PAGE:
‘Never healed properly’: Students share how Freeman High School shooting made them change future plans
SPOKANE, Wash. — For the third time this week, victims shared how the 2017 Freeman High School shooting affects them to this day.
A judge is listening to victim impact statements to determine Caleb Sharpe’s fate. He already pleaded guilty earlier this month to murder and attempted murder and could face life in prison. For those who lived through the trauma, no amount of time can heal the pain the shooting caused.
“I will never forget that day and every excruciating detail that went into it. It’s burned into me like a scar that never healed properly,” said one Freeman student.
A scar branded in their memories one student actually tattooed the date of the shooting, Sept. 13, 2017, on her forearm to never forget something she still struggles to comprehend.
“Sam’s dead. Dead — I didn’t understand it. I didn’t understand death at that time,” she said while trying to hold back tears.
She, along with countless others, were just children at the time and were forced to face an experience no one will ever understand.
“September 13 took my life down a route I never wanted to take,” said the brother of one of the shooting victims.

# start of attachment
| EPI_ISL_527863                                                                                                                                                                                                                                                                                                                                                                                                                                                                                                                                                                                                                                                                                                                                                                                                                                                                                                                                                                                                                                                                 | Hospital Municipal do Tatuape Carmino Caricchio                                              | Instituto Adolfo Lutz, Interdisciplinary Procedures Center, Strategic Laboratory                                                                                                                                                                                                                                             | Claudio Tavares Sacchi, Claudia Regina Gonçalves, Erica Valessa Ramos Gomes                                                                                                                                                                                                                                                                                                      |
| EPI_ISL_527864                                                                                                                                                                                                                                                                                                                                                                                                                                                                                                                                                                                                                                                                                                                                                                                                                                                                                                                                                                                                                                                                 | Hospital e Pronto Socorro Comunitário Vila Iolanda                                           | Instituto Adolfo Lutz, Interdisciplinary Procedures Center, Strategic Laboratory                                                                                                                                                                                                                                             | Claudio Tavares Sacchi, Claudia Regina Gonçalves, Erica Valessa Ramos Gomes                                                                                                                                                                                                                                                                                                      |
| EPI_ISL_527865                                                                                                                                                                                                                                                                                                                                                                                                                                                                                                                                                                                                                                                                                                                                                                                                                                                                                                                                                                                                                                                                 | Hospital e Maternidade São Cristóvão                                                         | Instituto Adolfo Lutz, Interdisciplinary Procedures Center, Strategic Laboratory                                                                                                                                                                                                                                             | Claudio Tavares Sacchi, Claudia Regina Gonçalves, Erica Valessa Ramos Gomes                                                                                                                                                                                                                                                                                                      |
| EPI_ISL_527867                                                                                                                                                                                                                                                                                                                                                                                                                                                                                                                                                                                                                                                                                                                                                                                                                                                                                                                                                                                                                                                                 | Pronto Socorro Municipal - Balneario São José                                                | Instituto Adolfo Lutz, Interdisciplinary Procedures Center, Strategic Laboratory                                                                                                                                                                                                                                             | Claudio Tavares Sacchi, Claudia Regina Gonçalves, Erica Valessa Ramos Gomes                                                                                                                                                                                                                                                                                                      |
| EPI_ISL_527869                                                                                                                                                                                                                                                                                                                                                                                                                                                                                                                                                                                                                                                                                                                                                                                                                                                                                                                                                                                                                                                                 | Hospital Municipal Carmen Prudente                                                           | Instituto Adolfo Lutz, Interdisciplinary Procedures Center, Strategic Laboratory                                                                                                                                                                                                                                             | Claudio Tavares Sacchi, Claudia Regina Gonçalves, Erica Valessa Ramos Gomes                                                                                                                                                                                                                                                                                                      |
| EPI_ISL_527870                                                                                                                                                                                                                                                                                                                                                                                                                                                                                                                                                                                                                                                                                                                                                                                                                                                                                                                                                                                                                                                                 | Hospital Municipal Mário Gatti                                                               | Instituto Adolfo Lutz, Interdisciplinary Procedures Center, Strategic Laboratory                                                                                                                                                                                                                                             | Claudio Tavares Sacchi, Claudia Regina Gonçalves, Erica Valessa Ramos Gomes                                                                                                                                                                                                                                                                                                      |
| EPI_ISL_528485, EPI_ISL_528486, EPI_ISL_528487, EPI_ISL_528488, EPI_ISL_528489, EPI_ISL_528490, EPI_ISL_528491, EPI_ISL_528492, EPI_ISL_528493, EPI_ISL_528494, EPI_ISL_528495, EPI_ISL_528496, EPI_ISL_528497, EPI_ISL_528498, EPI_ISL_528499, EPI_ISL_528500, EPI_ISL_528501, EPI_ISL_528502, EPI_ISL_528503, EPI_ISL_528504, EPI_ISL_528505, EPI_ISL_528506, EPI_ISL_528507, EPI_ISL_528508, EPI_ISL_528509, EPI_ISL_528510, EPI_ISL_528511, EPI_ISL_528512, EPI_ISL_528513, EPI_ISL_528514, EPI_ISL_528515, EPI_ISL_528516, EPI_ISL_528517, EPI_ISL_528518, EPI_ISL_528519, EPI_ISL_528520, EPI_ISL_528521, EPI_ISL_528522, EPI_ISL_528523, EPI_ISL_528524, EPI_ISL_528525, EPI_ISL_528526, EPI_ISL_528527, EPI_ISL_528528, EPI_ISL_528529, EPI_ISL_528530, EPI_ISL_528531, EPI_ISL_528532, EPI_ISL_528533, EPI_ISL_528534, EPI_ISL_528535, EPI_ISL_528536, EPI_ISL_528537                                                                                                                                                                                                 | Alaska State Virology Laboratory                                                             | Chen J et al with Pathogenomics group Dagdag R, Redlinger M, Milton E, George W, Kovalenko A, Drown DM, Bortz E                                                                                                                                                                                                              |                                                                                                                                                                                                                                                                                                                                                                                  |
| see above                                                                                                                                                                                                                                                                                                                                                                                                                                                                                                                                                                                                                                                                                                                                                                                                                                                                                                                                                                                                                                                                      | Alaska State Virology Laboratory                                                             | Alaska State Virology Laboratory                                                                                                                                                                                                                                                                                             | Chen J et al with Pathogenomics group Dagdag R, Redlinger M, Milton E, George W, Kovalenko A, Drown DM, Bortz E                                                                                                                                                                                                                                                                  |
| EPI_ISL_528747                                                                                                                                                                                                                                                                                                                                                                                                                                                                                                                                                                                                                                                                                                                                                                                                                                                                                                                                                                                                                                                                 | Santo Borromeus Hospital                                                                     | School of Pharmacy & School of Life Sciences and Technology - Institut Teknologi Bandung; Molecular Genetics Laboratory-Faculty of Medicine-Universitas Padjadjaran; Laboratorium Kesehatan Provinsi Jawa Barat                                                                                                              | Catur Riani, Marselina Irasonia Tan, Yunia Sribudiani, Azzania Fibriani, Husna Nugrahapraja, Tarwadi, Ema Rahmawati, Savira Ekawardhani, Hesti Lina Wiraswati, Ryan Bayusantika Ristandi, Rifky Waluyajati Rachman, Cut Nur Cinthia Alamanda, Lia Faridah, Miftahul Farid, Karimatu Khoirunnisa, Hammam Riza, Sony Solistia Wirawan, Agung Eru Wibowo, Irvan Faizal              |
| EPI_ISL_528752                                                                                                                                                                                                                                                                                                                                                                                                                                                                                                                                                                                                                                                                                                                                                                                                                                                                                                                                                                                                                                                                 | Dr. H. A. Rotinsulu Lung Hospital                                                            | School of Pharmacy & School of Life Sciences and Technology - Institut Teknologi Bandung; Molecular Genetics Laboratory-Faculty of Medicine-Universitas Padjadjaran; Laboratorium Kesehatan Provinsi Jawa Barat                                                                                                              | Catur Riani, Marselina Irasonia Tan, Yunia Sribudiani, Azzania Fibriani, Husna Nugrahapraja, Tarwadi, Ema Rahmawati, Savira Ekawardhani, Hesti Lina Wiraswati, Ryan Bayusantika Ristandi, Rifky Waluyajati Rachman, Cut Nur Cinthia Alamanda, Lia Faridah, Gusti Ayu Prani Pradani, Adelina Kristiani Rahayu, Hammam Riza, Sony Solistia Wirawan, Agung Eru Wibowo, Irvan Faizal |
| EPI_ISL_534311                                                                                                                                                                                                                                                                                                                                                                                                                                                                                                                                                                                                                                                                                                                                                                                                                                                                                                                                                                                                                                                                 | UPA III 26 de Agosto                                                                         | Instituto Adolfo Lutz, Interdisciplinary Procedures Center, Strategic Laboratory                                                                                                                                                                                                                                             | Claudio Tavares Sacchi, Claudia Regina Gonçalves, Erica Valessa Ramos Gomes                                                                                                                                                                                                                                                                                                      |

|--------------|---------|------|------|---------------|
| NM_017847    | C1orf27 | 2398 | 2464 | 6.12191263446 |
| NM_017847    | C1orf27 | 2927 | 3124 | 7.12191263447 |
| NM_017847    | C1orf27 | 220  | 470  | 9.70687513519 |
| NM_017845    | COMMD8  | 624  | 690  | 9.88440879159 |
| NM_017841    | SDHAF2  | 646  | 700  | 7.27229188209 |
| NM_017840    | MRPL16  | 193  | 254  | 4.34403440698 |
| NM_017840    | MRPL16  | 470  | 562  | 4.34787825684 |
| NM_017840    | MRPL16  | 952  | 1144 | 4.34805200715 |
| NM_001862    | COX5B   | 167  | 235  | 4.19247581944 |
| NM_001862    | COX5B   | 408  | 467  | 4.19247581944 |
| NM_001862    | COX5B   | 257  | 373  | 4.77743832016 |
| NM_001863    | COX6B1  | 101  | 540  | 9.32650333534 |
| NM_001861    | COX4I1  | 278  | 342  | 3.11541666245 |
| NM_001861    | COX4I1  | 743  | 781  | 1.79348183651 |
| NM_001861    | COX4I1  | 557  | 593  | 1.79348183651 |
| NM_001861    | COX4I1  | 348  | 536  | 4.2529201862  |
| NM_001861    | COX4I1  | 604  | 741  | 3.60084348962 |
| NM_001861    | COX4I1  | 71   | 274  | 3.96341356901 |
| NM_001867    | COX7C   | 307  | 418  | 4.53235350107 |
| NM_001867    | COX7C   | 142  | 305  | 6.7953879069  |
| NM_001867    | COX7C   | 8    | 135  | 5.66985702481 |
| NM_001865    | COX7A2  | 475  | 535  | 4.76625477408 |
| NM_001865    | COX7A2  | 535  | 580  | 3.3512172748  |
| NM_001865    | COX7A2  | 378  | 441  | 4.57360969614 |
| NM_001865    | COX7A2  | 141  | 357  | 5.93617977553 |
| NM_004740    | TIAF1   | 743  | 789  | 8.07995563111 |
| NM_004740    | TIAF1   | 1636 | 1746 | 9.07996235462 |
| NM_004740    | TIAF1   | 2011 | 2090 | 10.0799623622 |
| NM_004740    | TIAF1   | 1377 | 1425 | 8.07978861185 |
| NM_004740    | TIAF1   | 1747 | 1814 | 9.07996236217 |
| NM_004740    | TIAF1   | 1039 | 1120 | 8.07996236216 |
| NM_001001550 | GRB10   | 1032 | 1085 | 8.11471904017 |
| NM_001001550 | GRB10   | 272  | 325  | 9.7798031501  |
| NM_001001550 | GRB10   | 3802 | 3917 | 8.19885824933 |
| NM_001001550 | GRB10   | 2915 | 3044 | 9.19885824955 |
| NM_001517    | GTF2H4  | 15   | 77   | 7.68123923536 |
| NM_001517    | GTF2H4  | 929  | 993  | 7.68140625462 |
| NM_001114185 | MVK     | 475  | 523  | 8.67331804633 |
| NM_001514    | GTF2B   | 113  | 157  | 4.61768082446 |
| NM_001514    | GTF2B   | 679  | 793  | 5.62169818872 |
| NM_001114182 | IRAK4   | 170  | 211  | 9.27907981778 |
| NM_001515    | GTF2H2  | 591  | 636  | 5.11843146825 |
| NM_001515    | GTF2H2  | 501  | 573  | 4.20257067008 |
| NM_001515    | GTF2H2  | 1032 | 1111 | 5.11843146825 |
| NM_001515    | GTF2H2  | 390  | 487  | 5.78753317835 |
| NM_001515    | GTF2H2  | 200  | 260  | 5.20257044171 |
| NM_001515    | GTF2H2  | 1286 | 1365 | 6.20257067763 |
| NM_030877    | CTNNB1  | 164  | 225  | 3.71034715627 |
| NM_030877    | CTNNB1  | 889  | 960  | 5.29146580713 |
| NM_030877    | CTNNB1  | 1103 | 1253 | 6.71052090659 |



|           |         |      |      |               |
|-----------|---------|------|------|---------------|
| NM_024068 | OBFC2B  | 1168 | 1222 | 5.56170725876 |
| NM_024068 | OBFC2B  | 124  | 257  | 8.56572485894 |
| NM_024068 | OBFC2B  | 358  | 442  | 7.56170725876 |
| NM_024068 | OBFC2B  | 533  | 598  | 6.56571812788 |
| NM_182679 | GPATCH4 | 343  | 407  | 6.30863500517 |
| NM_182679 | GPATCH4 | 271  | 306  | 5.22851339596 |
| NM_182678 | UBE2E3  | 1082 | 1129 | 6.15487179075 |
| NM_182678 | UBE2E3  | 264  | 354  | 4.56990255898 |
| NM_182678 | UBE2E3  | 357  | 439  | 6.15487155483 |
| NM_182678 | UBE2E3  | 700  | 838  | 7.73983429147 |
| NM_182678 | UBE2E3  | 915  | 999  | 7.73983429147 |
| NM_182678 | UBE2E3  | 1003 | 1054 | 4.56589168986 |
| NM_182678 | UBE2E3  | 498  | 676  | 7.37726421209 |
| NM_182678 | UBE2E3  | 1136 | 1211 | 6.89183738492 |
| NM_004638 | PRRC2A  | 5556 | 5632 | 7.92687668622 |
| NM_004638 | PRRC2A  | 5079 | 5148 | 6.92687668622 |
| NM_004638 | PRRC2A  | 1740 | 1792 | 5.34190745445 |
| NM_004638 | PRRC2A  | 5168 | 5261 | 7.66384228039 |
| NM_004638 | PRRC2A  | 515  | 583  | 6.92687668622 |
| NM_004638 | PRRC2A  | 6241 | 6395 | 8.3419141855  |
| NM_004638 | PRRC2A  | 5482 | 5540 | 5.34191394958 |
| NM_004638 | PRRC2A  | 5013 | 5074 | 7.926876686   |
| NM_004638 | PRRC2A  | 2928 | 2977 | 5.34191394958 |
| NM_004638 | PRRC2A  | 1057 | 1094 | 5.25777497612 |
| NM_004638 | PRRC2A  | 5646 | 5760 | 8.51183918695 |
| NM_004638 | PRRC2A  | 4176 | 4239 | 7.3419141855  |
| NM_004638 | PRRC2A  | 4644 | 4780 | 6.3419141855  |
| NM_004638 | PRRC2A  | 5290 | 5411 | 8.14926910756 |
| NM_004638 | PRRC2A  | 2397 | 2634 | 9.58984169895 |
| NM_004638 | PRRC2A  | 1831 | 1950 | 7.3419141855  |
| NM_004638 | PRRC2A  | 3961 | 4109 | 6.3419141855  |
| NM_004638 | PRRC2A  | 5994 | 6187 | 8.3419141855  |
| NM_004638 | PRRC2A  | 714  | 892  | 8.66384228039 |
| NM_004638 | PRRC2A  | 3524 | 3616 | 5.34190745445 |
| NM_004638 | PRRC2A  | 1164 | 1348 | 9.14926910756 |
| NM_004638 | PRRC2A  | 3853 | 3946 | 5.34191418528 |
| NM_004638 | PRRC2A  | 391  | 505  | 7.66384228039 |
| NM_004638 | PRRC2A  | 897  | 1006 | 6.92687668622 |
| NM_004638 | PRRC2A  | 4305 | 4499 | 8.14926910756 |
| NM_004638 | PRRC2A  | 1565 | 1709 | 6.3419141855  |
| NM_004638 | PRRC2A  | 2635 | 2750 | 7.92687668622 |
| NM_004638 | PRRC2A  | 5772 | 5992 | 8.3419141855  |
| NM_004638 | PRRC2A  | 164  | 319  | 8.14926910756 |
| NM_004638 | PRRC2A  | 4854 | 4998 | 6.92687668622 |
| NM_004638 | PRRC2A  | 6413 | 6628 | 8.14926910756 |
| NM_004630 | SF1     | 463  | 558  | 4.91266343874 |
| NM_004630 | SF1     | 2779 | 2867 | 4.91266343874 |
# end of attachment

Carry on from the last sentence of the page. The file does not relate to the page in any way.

He said he still struggles with anxiety and depression to this day. It forced him to leave college after just a year and a half. He also changed what he was studying. He wanted to go into education but couldn’t fathom being around something so devastating for his career.
As young adults, they’re trying to move on but are caught up in a past defined by death.
“I’m hesitant to talk to strangers about my life because the moment Freeman leaves my mouth, it’s all they see, it’s all they hear is the terror that you caused.”
Some students faced Sharpe face to face in the courtroom. If they couldn’t address him in person, victim advocates stepped in to read their statements. A support dog was also there for comfort, as well as family and friends from the tight-knit Freeman community.
Students are pleading with the judge to give Sharpe the maximum sentencing. They say they’re terrified if Sharpe’s ever released, another cold-blooded murder could happen again.
“I have nightmares that I’m in a grocery store, and I see you walking freely.”
Before, everyone was able to speak openly. That changed on Thursday when a judge asked someone from a crisis management organization out of Oregon to stop their testimony. They were providing context on trauma but were not present for the shooting and were not directly impacted as a victim. The judge said this person may be able to present at a later date, but during this stage of statements, it was not allowed.
These victim impact statements are set to continue next week.
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